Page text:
Murakami's sentiment reminds me of the LSD—long, slow distance—of my college track days. My coach sent us on long afternoon runs without prescribed routes, simply giving us the directive of time. Once I built a tolerance for distance my runs became incubators for writing ideas. The steady, repetitive movement of distance running triggers one's intellectual autopilot (潜意识的行为状态), freeing room for creative thought. Neuroscientists describe this experience as a feeling of timelessness, where attention drifts and imagination thrives.
Oates enjoyed this mental freedom and "special solitude" while running during her youth. She went through orchards, "through fields of wind-rustling corn towering over my head, along farmers' lanes and on bluffs (悬崖，峭壁) ... These activities are intimately bound up with storytelling, for always there's a ghost-self, a 'fictitious' self, in such settings. For this reason I believe that any form of art is a species of exploration and transgression (超越)." Exertion frees this fictitious, creative other, enabling the mind of writers who run to wander without inhibition. Writers tap into this ghost-self whenever they construct narratives and characters; writers who run have the benefit of a first draft on foot.
"One of the luckiest things that can happen to a writer," Reynolds Price notes, "is the gradual acquisition of the sense that one is doing it just for the sake of doing it, that it's become a kind of lonely long-distance running which nonetheless has its own huge rewards." Price is correct that this acquisition is gradual. The former United States Poet Laureate Kay Ryan captures the complicated feelings of both writers and runners: "I like to run. Actually, I don't really like to run but I've done it for a million years.”
Writers, like runners, often like the idea of their pursuit more so than the difficult work. The appeal of a running regimen (养生之道) is how the miles not only condition the body, but free up a space for the creative mind. Which is perhaps why some writers, like Malcolm Gladwell, find themselves returning to running after a long absence. Gladwell, who recently completed the Fifth Avenue Mile in New York City in 5:03 minutes, sees the utilitarian impact running has on his projects: "I very explicitly use this time to work out writing problems."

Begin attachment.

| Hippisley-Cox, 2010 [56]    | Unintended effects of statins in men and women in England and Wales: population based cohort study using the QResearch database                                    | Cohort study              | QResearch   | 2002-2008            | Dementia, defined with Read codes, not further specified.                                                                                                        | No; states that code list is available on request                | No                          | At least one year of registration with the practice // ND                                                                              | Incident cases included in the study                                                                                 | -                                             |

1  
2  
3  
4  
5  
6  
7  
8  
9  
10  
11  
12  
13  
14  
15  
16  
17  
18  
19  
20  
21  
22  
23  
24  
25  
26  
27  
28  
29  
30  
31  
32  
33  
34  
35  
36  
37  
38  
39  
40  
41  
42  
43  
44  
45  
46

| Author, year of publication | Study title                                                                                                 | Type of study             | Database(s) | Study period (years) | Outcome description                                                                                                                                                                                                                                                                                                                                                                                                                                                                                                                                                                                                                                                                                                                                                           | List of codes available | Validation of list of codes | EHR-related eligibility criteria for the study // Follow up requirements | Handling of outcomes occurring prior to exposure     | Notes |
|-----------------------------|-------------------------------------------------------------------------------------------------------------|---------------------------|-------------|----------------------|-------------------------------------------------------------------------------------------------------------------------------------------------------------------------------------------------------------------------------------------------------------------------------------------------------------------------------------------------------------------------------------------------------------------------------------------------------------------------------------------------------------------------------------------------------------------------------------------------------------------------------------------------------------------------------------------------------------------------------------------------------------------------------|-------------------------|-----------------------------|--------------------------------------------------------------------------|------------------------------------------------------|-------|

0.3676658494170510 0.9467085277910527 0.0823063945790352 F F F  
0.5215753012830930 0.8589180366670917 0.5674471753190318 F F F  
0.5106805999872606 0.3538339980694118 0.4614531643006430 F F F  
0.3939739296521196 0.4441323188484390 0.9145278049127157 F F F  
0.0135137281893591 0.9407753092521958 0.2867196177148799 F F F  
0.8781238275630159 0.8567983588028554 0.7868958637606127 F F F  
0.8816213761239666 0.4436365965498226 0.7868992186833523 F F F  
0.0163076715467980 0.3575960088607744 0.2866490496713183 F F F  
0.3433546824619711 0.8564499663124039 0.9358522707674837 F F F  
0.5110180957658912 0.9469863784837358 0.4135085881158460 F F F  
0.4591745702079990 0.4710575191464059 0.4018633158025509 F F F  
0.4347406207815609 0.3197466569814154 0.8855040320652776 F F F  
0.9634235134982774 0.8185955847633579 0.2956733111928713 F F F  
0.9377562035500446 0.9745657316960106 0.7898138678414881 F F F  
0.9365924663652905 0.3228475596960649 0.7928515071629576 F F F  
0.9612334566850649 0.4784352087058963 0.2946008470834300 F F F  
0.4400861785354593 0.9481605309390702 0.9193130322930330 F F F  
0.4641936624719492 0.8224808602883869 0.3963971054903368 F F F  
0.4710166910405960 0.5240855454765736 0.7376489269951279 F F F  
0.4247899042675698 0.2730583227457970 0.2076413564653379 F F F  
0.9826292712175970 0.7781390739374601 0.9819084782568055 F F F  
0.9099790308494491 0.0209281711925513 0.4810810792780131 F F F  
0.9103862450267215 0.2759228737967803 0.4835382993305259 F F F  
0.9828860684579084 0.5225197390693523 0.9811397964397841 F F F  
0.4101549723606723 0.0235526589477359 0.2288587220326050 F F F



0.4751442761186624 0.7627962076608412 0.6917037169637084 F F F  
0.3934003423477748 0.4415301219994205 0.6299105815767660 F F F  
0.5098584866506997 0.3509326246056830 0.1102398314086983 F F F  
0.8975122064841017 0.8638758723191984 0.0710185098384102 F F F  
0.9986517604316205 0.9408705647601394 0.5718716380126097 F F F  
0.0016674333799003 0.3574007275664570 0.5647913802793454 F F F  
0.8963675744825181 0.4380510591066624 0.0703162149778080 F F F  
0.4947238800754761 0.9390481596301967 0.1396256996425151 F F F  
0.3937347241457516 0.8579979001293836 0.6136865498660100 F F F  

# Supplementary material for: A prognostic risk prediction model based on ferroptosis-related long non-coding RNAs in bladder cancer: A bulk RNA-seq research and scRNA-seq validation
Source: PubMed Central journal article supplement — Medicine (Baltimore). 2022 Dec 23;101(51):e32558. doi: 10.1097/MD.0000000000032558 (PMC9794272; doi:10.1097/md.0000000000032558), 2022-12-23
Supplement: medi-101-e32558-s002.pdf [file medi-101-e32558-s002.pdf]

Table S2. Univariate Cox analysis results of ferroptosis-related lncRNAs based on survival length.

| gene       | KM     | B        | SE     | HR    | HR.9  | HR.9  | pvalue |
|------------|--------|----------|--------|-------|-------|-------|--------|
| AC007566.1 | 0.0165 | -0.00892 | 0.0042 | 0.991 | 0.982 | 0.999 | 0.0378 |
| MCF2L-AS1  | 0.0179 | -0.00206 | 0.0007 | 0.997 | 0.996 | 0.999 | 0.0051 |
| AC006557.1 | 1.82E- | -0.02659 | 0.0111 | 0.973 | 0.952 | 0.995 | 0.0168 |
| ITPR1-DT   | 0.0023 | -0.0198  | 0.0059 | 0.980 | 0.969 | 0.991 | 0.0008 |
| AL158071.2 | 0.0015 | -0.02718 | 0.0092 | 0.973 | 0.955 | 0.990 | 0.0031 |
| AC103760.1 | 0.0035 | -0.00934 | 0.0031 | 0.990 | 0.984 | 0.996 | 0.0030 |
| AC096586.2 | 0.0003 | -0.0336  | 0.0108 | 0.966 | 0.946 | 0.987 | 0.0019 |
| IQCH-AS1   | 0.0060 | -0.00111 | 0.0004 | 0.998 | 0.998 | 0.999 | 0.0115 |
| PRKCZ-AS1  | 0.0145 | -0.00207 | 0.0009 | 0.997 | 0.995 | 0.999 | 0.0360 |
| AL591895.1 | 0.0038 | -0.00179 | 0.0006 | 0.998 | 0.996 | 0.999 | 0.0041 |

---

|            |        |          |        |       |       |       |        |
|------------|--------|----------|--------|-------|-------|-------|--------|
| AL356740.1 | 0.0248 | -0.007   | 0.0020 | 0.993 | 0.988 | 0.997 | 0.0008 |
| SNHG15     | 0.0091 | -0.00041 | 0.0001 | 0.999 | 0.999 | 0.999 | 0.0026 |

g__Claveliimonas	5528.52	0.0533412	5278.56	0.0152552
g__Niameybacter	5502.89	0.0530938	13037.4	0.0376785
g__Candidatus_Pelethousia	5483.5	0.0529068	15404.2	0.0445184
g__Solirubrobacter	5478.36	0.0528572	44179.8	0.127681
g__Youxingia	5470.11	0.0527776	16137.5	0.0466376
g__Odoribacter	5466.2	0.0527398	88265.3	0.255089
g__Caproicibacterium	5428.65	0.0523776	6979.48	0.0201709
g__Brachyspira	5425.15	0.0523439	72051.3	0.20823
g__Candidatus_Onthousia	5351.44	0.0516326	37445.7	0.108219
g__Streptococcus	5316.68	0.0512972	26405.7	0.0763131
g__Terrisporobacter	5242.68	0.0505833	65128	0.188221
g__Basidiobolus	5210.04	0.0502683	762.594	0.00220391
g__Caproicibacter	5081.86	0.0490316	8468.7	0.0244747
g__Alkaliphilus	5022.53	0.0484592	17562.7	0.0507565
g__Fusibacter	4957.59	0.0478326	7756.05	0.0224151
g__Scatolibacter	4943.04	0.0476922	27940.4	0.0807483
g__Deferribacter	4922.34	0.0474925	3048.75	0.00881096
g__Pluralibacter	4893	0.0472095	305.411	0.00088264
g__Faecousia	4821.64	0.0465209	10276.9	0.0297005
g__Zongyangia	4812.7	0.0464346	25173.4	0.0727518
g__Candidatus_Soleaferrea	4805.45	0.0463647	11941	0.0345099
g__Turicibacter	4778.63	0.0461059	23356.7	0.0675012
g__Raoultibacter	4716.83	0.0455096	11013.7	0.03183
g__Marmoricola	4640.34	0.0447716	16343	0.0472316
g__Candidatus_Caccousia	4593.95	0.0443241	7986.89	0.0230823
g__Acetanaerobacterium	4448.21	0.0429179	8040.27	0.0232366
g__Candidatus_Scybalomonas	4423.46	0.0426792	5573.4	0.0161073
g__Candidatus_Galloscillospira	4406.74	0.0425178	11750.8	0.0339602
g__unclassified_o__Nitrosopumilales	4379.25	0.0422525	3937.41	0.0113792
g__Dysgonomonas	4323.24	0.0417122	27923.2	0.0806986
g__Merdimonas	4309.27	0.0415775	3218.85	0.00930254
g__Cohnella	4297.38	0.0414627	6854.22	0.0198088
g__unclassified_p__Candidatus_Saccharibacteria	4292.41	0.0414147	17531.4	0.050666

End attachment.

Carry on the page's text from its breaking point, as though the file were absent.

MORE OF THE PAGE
After my college running days ended, I chose sprints over distance, gained some pounds, and looked more like a fullback (后卫) than a half-miler. Yet I missed those long, aimless runs, when the act of running was one of discovery, not dictated by the set distance of a track. I now run down open rural roads, and, against good sense, straddle (跨立于) the center yellow lines that yarn to the horizon. Since I've returned to distance running, I've changed the way I think about writing. Writing exists in that odd mental space between imagination and intellect, between the organic and the planned. Runners must learn to accept the same paradoxes, to realize that each individual run has its own narrative, with twists and turns and strains.
大学里跑步的那段日子结束后，我就放弃了长跑，选择了快速短跑，结果体重增加了好几磅，看起来再也不像一个半英里赛运动员，而像一个足球后卫。然而，我还是怀念那段可以漫无目的地长跑的日子，不受跑道固定距离的限制，奔跑的过程也是发现的过程。如今，我奔跑在空旷的乡村道路上，道路中间的黄线无限延伸，一直通到天的尽头，而我就任性地骑着线跑。自从我重新开始长跑，我改变了自己对创作的看法。创作存在于一种奇特的思维空间里，既要驰骋想象，又要发挥才智，既要师法自然，又要细心筹划。跑步者也要学会接受同样的悖论，要明白每一次跑步都是一个独特的叙事，迂回曲折的道路犹如情节曲径通幽，拉伸绷紧的肌肉犹如紧张刺激的叙事格调。(译注：此处twists and turns and strains具有双关含义，既可以指跑步，又可以指创作，strains既可以指绷紧拉伸，又可以指作品的情调、笔调等。)
Writers and runners use the same phrase—“hit my stride (逐渐进入状态)”—to describe the moment when exertion and work become joy. Writers stuck on a sentence should lace their sneakers and go for a jog, knowing that when they return, they will be a bit sweatier, more tired, but often more charged to run with their words.